Is there ever a good side to inflation? Perhaps the IRS adjustments to several tax-related thresholds that change for 2023 count, such as these:
The standard deduction MFJ $27,700 up from $25,900
The gift and estate tax credit $12.92 million from just over $12 million
The annual gift tax exclusion $17,000 up from $16,000
401(k) maximum contribution $22,500 plus $7,500 (for over 50)
IRA max. $6,500 plus $1,000
SEP-IRA max. $66,000
The tax brackets at which rates increase have also gone up, so more is taxed at lower the brackets.
Inflation Reduction Act
The Inflation Reduction Act passed this summer and included changes to tax laws regarding energy saving credits. The Act also contained other provisions, such as the 15% AMT for C corporations and 1% stock buyback tax. It’s unfortunate that the abbreviation for the act is IRA, as we already have that in our tax lexicon.
Beginning in 2023, this new law changes conditions for obtaining the $7,500 credit for new electric vehicles (EVs) and adds a $4,000 credit for used EVs (EVs that are 2 or more years old). The Act also expanded the reporting requirements for the credits on your tax returns. Finally, EV buyers can monetize the credit at purchase to reduce the sale price, rather than wait for their tax filing. Remember there is also a credit for installing a home charger.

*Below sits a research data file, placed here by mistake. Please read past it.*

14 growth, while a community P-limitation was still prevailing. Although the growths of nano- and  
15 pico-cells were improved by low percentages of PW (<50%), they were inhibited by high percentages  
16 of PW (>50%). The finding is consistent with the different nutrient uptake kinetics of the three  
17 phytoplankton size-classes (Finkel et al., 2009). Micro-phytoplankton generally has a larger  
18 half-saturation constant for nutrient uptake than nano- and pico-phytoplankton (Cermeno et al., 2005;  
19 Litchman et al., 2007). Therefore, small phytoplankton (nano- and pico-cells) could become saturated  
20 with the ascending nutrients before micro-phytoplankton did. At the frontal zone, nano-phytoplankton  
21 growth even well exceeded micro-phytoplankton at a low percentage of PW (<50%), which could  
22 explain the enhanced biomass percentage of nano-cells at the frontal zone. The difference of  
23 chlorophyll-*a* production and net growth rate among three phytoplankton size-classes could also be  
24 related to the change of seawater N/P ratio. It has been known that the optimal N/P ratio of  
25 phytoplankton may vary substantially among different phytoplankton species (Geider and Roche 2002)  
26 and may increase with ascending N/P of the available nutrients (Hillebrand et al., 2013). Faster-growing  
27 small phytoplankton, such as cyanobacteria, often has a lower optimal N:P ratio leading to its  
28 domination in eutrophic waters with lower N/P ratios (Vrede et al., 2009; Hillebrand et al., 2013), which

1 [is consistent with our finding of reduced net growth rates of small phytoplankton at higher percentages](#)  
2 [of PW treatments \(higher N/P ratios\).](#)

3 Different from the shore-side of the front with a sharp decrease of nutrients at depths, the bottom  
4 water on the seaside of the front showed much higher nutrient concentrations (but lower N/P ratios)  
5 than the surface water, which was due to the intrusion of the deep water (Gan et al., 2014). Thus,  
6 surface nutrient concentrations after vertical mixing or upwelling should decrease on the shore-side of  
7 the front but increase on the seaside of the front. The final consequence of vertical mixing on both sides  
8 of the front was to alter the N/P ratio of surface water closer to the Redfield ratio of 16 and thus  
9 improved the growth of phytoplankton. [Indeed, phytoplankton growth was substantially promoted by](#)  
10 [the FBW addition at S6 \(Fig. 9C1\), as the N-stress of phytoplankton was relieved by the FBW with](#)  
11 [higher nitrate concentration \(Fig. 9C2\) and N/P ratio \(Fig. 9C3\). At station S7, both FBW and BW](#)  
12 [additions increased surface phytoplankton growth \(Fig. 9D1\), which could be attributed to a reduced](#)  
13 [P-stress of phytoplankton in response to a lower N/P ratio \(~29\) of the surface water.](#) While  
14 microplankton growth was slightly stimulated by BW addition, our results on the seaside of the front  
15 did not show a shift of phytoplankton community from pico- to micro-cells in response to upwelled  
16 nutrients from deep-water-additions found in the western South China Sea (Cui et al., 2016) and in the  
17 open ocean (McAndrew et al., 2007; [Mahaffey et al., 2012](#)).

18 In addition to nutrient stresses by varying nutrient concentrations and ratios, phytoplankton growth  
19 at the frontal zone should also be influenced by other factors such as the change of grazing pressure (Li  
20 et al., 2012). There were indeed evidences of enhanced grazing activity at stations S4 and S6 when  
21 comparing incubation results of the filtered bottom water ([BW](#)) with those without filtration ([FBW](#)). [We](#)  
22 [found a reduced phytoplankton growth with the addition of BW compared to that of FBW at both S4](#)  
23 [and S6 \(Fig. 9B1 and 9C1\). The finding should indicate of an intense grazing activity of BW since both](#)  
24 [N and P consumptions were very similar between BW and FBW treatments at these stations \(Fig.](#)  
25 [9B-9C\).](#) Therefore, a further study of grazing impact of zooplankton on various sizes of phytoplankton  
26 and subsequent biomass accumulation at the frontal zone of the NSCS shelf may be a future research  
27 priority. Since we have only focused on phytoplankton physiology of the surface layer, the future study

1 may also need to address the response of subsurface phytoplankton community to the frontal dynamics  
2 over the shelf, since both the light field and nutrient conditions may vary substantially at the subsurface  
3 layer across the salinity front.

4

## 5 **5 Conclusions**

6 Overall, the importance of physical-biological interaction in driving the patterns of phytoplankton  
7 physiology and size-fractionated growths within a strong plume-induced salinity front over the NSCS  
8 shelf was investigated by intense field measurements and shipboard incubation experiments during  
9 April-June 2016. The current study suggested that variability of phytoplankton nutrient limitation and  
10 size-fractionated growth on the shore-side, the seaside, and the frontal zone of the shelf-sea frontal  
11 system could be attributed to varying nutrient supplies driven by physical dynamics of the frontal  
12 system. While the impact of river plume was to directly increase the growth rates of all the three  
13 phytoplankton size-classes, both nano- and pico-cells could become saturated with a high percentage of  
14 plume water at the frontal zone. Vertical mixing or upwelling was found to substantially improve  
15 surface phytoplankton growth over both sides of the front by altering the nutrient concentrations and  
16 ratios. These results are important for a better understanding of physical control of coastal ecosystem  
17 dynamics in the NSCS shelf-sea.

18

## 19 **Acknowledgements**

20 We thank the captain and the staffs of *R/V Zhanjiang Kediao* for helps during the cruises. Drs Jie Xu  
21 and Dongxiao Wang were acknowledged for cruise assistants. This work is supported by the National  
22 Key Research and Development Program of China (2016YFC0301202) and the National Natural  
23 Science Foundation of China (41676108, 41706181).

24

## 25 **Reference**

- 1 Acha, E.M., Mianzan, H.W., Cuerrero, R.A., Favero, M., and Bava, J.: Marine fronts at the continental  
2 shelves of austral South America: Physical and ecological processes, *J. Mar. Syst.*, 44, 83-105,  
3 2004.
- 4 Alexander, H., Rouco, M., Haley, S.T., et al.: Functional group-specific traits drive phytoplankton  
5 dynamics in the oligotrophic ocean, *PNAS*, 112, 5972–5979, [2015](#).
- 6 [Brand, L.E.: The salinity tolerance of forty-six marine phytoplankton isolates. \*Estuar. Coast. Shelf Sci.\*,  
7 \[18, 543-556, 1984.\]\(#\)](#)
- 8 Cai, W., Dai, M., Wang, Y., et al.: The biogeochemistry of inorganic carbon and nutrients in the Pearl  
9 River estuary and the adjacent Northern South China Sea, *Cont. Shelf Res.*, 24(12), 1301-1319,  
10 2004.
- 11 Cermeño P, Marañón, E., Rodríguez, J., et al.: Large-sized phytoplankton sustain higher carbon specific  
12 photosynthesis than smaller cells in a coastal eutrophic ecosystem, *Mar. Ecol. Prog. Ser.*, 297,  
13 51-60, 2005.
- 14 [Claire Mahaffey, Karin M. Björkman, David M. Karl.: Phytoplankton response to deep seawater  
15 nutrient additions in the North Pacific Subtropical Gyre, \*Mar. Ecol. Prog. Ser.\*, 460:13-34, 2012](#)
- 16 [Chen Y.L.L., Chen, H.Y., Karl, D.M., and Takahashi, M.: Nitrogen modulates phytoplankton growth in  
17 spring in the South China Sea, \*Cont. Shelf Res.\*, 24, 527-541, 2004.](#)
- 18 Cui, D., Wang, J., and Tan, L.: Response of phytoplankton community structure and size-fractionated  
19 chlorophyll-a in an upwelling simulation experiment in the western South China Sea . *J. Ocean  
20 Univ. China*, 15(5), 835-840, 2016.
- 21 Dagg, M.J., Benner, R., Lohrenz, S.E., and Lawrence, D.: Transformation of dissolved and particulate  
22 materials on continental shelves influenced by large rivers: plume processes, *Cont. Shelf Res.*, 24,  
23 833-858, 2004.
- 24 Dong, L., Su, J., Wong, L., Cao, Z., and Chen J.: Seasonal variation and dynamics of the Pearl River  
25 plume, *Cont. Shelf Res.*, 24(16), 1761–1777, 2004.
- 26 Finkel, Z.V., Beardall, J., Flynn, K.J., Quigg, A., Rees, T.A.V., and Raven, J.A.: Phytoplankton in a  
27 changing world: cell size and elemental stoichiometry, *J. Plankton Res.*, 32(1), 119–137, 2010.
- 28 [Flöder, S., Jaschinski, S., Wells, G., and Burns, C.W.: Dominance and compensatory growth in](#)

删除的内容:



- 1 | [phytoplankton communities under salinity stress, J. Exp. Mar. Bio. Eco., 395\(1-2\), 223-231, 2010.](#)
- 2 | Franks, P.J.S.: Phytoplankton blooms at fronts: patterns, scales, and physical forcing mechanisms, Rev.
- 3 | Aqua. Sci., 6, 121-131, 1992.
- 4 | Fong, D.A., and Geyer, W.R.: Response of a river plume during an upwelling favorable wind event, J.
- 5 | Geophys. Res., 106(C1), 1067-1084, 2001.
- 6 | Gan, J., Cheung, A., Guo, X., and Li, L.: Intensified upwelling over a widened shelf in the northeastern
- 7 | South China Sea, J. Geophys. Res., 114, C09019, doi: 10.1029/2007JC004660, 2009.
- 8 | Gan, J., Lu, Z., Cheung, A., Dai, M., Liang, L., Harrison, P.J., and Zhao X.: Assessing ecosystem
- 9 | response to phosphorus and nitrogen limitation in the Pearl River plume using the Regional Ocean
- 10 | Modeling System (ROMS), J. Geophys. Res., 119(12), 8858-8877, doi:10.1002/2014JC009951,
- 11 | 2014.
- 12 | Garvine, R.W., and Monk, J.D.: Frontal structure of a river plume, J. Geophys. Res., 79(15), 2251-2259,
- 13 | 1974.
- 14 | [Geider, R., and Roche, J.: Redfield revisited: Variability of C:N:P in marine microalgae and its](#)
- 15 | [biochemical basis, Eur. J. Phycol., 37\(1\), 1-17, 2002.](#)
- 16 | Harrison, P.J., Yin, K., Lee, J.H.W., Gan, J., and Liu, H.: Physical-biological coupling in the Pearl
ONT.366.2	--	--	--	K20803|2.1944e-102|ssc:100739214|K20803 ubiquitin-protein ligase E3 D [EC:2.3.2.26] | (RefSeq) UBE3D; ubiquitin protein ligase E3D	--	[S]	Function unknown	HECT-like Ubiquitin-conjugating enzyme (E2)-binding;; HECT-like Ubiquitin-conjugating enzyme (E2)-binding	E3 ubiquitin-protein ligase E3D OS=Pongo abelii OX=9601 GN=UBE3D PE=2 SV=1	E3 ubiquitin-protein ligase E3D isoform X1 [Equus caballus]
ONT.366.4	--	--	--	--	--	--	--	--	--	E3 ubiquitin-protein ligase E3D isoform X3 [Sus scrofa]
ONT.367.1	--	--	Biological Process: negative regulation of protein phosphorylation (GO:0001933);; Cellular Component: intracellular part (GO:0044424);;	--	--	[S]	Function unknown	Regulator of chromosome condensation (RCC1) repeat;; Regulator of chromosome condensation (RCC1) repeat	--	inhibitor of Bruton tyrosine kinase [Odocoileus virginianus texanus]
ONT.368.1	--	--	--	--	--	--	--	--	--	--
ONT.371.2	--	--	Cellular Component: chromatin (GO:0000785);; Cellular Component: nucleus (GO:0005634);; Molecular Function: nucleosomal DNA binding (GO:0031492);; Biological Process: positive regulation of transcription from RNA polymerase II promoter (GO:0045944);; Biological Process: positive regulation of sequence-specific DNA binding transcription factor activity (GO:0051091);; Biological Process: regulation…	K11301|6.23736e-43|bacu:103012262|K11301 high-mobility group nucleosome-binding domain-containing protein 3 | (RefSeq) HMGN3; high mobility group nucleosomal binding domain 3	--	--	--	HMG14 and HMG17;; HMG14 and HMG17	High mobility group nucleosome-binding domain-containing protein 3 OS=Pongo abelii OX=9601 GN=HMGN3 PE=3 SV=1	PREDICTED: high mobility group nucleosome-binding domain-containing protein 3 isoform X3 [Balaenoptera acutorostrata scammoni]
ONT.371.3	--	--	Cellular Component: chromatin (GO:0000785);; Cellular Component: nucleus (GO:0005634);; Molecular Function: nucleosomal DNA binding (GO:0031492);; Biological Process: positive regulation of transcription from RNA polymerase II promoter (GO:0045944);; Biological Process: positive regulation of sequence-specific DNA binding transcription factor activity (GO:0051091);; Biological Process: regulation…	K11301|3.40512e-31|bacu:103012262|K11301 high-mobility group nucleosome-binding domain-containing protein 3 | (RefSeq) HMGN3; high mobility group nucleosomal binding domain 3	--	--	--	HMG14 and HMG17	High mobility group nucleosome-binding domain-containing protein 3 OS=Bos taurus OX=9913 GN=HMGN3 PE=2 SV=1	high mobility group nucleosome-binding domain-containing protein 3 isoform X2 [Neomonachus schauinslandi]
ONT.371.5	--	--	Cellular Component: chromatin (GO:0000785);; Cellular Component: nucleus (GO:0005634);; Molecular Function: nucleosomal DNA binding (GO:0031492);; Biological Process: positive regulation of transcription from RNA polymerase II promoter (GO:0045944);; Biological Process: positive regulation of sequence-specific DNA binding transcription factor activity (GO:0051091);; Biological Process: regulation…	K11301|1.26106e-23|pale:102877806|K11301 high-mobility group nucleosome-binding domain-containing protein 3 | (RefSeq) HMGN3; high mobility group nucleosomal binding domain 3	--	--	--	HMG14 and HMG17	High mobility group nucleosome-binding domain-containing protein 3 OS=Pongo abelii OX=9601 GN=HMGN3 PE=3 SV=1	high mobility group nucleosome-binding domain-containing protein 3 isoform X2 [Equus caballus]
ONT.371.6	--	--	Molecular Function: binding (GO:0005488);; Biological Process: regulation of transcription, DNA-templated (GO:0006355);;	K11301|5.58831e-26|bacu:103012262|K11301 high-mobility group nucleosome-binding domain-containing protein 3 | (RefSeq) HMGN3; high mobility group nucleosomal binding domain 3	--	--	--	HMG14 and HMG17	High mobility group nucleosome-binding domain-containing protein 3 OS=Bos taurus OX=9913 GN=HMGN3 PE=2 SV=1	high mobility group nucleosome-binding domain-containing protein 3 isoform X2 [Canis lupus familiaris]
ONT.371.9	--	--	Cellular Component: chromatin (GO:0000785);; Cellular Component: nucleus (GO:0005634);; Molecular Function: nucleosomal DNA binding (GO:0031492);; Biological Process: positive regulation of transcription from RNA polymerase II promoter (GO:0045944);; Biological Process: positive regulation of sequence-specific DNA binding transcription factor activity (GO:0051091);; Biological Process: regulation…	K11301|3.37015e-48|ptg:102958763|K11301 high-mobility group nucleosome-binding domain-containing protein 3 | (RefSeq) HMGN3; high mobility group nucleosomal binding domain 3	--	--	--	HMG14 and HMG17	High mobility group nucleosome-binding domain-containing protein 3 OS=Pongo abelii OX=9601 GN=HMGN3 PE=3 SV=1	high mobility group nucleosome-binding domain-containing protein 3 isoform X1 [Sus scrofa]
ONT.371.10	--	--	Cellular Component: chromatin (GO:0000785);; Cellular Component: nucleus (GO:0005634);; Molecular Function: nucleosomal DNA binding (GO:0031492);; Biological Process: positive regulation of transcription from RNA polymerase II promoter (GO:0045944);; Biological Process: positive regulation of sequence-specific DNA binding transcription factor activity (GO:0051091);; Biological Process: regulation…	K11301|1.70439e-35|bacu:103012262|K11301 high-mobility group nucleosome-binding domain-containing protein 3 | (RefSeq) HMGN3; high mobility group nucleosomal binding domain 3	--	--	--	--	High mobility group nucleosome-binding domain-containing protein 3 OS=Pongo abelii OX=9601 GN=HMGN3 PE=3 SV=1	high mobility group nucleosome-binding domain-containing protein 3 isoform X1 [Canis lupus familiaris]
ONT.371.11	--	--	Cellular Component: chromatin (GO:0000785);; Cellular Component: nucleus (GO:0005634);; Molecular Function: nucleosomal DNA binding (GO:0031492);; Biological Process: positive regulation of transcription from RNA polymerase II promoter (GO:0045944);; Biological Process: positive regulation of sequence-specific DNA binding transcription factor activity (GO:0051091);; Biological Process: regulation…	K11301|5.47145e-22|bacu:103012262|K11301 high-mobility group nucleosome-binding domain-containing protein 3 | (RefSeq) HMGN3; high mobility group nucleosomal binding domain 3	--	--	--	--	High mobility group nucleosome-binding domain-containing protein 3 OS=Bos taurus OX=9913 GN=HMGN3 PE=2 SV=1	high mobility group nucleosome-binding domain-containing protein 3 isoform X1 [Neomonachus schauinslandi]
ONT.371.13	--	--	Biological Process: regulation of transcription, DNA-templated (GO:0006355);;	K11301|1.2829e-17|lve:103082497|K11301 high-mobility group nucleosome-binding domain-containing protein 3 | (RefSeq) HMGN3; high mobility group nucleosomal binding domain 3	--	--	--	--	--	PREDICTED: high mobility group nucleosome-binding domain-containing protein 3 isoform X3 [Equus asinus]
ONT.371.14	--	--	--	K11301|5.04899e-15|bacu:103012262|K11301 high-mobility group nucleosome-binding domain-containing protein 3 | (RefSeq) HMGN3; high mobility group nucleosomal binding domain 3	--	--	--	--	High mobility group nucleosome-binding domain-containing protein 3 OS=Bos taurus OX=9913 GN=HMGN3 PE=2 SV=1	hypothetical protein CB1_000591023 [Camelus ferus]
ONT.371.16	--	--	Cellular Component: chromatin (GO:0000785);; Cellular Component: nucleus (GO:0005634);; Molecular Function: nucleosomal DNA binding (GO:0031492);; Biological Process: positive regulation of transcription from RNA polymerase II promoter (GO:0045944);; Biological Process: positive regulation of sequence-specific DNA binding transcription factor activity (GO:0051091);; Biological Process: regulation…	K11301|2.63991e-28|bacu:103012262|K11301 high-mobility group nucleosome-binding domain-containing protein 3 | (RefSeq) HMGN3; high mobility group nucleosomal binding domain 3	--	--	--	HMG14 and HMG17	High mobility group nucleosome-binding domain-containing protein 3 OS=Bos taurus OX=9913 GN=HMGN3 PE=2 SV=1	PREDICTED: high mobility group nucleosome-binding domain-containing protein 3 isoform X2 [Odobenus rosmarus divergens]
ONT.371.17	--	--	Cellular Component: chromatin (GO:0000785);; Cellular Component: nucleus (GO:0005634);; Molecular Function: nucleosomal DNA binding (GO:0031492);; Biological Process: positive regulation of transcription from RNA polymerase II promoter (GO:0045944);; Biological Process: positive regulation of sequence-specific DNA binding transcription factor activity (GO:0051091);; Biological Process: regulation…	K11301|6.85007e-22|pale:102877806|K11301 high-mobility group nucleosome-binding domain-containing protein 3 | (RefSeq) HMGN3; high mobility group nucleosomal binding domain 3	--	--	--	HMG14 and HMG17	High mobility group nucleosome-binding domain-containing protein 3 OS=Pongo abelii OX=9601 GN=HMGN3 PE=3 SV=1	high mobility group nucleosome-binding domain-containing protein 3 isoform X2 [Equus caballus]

To obtain a credit for new EVs, the battery’s minerals must be extracted or processed in the US or a free-trade partner. The battery must also be manufactured or assembled in North America. Final assembly of the EV must be in North America. There are price ceilings on EVs and income limits on claiming taxpayers.
The Act extend and expanded home energy credits but also expanded the reporting requirements.